Today's news, tomorrow's lesson - Teenager peace prize winner recovers in military hospital after Taliban shooting

A Pakistani teen who spoke out against the Taliban in an online blog is recovering in hospital after being shot in the head earlier this week.

Today's news, tomorrow's lesson - 12 October

Teenager peace prize winner recovers in military hospital after Taliban shooting

A Pakistani teen who spoke out against the Taliban in an online blog is recovering in hospital after being shot in the head earlier this week.

Malala Yousafzai underwent surgery to remove a bullet from her head at a Peshawar hospital on Thursday and was moved to a military hospital yesterday.

The 14-year-old was transported from the hospital, in the north-western region of Pakistan, to the Armed Forces Institute of Cardiology critical care unit in Rawalpindi on doctors’ recommendations. The military hospital, which is close to the country’s capital Islamabad, can provide specialist treatment.

The medical team treating her told the BBC that “neurologically she has significantly improved” but added that the “coming days… are very critical”.

Ms Yousafzai was shot in the neck and head on a packed school bus as she travelled home in Mingora on Tuesday. A man had asked for her by name at her school earlier that day.

Militant group Tehrik-i-Taliban Pakistan (TTP) has claimed responsibility for the shooting. In a statement sent out from an undisclosed location, TTP spokesman Ehsanullah Ehsan used Sharia law to defend the attack, but stated that the outlawed outfit do not generally condone attacks on women.

The statement said Ms Yousafzai was targeted for “preaching secularism” and “enlightened moderation”, Pakistan’s English language news site reported. The TTP released a second statement saying Ms Yousafzai would be targeted again, after it had been announced she had survived the attack.

Ms Yousafzai, who hopes to be a doctor, rose to international fame after writing an online diary about the Taliban’s forced closure of private schools in her home town Mingora.

Mingora is in the north-western Swat valley where militant presence was particularly strong when Ms Yousafzai started blogging. In her blog, she said the Taliban ordered more than 400 schools to close because they provided girls with education.

Mr Ehsan accused the media of spreading propaganda against the TPP and denied that they had banned girls’ education in the statement released this week. It said the group were trying to bring education for girls and boys under Sharia law and that the TPP were against co-education. Ms Yousafzai’s father has defended her blog. “Of course, it was a risk”, he told BBC Outlook in January this year.

“But I think that not talking was a greater risk than that because then ultimately we would have given in to the slavery and the subjugation of ruthless terrorism and extremism.” Ms Yousafzai was awarded Pakistan’s National Peace Prize and nominated for an International Children’s Peace Prize last year.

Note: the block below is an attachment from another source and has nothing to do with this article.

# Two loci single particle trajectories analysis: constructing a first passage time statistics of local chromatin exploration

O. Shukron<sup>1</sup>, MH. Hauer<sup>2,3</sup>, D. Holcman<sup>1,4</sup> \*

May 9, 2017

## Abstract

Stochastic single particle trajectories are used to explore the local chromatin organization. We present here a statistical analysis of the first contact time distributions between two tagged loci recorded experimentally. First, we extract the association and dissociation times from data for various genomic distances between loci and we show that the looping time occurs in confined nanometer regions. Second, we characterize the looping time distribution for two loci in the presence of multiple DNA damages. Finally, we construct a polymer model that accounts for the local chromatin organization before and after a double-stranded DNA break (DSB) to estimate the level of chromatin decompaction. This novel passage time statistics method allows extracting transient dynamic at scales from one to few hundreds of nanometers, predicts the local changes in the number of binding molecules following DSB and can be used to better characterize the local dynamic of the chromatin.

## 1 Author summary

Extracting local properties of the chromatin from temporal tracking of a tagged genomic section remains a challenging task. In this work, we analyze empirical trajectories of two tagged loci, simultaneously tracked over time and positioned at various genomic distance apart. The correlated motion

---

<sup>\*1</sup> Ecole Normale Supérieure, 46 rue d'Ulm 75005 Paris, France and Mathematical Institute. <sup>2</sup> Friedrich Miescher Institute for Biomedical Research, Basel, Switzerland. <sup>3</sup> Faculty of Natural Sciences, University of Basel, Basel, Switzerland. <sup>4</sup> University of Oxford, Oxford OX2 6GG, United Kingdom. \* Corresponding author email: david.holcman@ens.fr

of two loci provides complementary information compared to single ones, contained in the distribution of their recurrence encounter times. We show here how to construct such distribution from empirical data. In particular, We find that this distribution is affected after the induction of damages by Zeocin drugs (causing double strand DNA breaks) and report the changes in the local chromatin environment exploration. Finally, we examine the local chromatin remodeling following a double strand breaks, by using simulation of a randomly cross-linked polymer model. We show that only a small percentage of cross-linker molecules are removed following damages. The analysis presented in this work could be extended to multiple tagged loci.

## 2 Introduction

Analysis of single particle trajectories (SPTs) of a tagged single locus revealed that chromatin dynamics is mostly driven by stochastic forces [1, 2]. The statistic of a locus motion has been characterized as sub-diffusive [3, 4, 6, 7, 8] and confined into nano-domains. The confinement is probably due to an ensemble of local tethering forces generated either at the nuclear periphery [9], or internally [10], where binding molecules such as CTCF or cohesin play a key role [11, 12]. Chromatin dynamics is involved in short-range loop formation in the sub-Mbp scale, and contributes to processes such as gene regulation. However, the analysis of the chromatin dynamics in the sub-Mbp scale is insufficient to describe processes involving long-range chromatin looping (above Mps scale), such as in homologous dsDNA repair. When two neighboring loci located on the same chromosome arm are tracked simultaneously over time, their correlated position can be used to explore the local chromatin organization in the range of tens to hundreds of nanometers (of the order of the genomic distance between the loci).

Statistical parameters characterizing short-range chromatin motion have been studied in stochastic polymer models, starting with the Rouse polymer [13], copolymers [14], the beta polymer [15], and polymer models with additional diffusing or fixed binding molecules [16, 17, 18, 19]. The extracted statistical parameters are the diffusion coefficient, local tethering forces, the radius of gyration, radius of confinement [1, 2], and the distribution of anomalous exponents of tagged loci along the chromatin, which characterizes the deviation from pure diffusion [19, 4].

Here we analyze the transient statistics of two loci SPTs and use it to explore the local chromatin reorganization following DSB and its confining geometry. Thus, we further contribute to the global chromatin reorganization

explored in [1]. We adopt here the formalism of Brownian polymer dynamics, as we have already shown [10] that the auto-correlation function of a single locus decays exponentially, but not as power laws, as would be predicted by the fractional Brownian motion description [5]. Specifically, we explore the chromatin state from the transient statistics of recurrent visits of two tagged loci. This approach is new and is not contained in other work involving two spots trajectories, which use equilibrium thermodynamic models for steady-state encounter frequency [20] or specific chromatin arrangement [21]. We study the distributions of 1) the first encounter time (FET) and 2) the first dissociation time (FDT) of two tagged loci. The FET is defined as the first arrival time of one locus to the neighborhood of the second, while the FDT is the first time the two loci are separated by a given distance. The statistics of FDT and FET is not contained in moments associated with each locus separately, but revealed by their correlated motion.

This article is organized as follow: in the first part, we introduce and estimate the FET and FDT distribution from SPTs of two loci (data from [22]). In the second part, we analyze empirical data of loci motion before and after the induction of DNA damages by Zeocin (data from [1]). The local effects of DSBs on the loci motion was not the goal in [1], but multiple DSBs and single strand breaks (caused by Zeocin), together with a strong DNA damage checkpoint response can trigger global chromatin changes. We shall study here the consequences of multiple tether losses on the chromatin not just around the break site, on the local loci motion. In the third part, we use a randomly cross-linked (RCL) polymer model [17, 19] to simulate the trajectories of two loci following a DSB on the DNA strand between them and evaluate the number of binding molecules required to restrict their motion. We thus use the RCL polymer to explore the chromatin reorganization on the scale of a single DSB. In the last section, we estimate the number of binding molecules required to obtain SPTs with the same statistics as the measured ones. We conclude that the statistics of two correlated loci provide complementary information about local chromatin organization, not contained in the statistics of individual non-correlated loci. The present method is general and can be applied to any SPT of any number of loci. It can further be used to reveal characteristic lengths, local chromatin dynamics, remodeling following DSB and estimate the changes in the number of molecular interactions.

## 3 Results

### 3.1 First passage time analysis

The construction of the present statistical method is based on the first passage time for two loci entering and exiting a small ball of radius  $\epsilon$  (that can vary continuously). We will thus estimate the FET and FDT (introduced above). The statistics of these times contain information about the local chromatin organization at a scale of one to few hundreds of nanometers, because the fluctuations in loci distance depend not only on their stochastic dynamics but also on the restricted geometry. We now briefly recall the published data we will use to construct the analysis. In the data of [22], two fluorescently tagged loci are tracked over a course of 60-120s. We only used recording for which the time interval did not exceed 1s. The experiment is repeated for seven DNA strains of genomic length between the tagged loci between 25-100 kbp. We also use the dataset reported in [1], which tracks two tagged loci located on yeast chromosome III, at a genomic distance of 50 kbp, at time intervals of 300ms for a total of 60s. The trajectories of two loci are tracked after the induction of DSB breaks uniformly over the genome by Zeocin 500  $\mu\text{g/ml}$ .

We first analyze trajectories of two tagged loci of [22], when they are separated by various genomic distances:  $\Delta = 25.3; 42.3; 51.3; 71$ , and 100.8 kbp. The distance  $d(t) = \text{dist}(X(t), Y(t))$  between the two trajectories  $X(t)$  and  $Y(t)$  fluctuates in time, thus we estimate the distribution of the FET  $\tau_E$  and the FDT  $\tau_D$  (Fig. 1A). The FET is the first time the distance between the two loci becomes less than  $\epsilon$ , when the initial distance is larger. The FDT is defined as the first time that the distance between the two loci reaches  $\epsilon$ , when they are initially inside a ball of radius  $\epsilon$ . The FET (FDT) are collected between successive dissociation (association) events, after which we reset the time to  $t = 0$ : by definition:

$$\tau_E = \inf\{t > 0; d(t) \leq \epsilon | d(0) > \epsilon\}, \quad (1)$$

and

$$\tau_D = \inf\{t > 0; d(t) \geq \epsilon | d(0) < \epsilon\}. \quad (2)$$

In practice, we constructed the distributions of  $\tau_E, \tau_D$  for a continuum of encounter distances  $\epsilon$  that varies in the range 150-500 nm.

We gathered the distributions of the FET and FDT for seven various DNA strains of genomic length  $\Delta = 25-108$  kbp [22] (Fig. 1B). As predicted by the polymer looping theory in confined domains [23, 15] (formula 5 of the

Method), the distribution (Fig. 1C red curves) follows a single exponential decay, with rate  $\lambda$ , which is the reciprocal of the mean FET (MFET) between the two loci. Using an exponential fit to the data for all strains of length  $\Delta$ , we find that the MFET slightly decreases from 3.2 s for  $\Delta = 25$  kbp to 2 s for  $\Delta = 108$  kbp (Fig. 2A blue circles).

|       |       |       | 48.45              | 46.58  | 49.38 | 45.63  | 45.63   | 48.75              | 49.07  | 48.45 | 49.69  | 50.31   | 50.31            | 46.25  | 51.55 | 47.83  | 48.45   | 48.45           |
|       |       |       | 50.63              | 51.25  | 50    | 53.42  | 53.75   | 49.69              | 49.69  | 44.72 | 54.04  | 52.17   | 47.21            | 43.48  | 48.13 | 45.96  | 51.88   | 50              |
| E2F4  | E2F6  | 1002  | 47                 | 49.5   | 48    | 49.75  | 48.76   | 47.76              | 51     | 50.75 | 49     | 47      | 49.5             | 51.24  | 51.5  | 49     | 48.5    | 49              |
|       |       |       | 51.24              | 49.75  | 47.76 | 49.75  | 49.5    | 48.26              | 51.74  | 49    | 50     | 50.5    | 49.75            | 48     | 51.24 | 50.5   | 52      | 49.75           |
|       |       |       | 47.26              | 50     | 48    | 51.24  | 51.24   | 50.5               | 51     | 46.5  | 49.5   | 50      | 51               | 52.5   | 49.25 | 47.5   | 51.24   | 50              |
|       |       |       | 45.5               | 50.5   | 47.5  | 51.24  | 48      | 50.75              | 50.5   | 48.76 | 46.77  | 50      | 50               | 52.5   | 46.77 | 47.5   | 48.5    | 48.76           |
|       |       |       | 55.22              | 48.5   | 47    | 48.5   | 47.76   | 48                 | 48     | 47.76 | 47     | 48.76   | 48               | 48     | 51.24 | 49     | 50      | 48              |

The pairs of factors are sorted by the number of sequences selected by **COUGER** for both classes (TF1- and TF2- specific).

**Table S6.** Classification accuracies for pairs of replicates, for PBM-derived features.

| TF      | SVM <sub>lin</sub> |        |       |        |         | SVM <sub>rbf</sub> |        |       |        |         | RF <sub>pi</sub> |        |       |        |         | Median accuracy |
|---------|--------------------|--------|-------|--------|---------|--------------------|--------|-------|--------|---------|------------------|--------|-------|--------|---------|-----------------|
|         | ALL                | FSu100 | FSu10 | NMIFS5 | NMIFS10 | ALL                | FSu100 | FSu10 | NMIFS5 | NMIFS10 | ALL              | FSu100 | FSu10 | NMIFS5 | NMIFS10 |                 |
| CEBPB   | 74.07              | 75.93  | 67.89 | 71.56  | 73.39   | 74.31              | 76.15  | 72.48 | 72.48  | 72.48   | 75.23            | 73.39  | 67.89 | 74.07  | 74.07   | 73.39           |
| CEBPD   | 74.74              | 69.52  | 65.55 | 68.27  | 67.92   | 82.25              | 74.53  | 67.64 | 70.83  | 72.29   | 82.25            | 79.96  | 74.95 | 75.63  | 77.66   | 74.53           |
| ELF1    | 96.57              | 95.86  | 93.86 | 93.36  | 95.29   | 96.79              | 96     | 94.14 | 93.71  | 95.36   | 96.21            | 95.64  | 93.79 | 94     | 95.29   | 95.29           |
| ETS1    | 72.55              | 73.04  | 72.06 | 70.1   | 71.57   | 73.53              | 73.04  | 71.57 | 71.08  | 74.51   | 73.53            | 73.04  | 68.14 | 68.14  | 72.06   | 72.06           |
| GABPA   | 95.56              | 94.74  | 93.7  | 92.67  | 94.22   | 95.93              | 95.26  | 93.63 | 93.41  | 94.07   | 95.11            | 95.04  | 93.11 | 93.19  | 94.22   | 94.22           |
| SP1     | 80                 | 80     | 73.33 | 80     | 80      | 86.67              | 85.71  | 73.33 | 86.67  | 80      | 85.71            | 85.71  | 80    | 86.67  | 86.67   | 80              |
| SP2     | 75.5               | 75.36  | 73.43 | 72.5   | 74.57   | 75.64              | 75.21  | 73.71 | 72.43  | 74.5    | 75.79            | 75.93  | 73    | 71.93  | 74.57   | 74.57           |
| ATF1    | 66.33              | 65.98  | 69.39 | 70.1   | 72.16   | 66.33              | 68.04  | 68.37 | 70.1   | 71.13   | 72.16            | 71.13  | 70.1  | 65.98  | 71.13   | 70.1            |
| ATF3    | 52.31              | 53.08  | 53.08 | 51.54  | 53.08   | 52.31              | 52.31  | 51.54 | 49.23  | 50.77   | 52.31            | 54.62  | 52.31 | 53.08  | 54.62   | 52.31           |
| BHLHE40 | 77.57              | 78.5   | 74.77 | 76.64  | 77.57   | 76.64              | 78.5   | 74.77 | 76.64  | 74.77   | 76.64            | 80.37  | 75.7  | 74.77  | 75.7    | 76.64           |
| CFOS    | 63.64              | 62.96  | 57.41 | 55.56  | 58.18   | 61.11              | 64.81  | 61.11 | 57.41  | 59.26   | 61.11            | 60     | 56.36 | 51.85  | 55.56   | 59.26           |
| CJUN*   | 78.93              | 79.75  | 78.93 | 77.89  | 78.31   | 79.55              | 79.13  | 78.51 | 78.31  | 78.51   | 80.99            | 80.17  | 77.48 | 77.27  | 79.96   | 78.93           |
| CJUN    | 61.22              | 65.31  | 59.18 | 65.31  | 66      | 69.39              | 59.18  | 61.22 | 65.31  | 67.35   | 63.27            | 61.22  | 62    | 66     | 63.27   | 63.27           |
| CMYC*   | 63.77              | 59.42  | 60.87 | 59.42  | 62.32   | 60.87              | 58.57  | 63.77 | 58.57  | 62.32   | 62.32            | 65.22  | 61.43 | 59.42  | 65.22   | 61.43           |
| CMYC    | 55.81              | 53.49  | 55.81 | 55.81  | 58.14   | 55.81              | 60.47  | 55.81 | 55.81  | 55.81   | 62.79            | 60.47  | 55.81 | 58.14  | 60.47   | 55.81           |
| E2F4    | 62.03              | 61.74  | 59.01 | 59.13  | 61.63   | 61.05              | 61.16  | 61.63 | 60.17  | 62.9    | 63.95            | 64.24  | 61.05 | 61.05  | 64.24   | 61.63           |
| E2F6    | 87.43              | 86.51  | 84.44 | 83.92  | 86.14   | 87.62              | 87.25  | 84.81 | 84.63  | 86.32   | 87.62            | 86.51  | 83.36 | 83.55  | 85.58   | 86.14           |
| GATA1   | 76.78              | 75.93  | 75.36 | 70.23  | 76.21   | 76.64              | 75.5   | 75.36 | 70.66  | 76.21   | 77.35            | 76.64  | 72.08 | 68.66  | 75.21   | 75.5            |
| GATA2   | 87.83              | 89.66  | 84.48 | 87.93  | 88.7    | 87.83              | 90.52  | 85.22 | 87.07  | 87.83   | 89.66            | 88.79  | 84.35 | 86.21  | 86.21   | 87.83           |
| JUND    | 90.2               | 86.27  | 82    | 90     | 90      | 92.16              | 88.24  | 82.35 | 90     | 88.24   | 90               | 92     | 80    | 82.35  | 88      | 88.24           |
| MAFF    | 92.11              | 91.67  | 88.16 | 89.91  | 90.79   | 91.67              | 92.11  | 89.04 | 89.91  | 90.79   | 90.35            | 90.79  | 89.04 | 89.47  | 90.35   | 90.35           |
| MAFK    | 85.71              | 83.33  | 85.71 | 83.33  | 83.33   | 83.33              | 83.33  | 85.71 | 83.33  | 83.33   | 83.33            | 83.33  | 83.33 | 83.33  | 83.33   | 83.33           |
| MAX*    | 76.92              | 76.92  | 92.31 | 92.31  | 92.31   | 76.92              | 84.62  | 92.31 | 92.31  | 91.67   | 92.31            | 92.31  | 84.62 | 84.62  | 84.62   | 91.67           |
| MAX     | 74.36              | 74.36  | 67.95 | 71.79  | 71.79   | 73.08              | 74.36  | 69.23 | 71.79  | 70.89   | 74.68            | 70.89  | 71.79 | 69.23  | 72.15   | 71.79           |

Questions for discussion

For primary:

  • What does “bravery” mean to you?
  • Who do you consider to be brave and why?

For secondary:

  • There have been lots of stories about positive and negative use of the internet in the news recently. Do you think freedom of speech online is important? Explain your answer.
  • What do you think you could do to raise awareness of human rights issues?

Related resources

Speaking out online

  • Explore how social media has been used as a medium for protest with this lesson on the Arab Spring.


  • Who are your students’ heroes? Could Malala Yousafzai be considered a hero? Discuss what “heroic” means with this assembly presentation.

Want or need?

  • Sorting cards from UNICEF UK to help students define basic human rights.

Give more

  • What can students do to help others? Encourage them to be charitable with resources from Give More.

Further news resources

First News front page

  • Help your pupils understand the features of the front page of a newspaper.

Write all about it

  • Get students creating their own news report with this step-by-step guide.

What is the News?

  • A sociological and media perspective on what makes an event 'newsworthy'.

On the box

  • Help pupils to write their own TV news broadcast with this handy PowerPoint.

Structuring stories

  • A scheme of work to help students structure news stories.

In the news this week

A Georgian woman who claimed to be 132 years old – making her the world’s oldest human being – has died.

A choir of un- and under-employed 18-24-year-olds have raised their voices in protest and song outside the Houses of Parliament to raise awareness of youth unemployment.

What came first: the disco dress or the discotheque? This is just one in a series of linguistic questions that editors at the Oxford English Dictionary (OED) are asking the public to answer.

Fears have been raised that bilingual pupils will lose out on much needed support in English after scoring highly in the new phonics test – despite historically doing poorly later in primary school.

In the news archive index